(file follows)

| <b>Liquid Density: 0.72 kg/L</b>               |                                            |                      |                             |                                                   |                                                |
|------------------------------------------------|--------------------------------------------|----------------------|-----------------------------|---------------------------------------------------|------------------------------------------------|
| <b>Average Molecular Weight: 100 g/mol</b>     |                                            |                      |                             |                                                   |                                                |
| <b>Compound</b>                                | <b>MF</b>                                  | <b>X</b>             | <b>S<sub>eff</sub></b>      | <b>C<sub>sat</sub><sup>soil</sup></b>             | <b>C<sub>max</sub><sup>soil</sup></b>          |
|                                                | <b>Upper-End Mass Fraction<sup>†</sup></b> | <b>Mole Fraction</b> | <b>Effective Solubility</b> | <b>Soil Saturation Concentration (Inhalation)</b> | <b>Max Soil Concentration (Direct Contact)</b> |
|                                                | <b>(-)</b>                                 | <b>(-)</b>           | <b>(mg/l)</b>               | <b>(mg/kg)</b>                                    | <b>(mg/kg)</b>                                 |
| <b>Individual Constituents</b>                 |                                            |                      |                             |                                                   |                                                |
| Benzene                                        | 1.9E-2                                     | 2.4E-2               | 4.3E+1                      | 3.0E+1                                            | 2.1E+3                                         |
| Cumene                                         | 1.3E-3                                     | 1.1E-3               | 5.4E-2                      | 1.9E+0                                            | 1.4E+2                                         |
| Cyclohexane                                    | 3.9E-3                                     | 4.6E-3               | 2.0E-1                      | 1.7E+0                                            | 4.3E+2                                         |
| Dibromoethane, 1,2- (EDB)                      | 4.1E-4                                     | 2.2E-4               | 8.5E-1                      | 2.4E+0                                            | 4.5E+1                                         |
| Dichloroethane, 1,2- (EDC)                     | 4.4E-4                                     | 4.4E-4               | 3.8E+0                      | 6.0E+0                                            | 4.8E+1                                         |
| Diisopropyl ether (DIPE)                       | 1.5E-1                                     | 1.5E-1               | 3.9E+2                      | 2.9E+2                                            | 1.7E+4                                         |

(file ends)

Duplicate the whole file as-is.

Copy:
| <b>Liquid Density: 0.72 kg/L</b>               |                                            |                      |                             |                                                   |                                                |
|------------------------------------------------|--------------------------------------------|----------------------|-----------------------------|---------------------------------------------------|------------------------------------------------|
| <b>Average Molecular Weight: 100 g/mol</b>     |                                            |                      |                             |                                                   |                                                |
| <b>Compound</b>                                | <b>MF</b>                                  | <b>X</b>             | <b>S<sub>eff</sub></b>      | <b>C<sub>sat</sub><sup>soil</sup></b>             | <b>C<sub>max</sub><sup>soil</sup></b>          |
|                                                | <b>Upper-End Mass Fraction<sup>†</sup></b> | <b>Mole Fraction</b> | <b>Effective Solubility</b> | <b>Soil Saturation Concentration (Inhalation)</b> | <b>Max Soil Concentration (Direct Contact)</b> |
|                                                | <b>(-)</b>                                 | <b>(-)</b>           | <b>(mg/l)</b>               | <b>(mg/kg)</b>                                    | <b>(mg/kg)</b>                                 |
| <b>Individual Constituents</b>                 |                                            |                      |                             |                                                   |                                                |
| Benzene                                        | 1.9E-2                                     | 2.4E-2               | 4.3E+1                      | 3.0E+1                                            | 2.1E+3                                         |
| Cumene                                         | 1.3E-3                                     | 1.1E-3               | 5.4E-2                      | 1.9E+0                                            | 1.4E+2                                         |
| Cyclohexane                                    | 3.9E-3                                     | 4.6E-3               | 2.0E-1                      | 1.7E+0                                            | 4.3E+2                                         |
| Dibromoethane, 1,2- (EDB)                      | 4.1E-4                                     | 2.2E-4               | 8.5E-1                      | 2.4E+0                                            | 4.5E+1                                         |
| Dichloroethane, 1,2- (EDC)                     | 4.4E-4                                     | 4.4E-4               | 3.8E+0                      | 6.0E+0                                            | 4.8E+1                                         |
| Diisopropyl ether (DIPE)                       | 1.5E-1                                     | 1.5E-1               | 3.9E+2                      | 2.9E+2                                            | 1.7E+4                                         |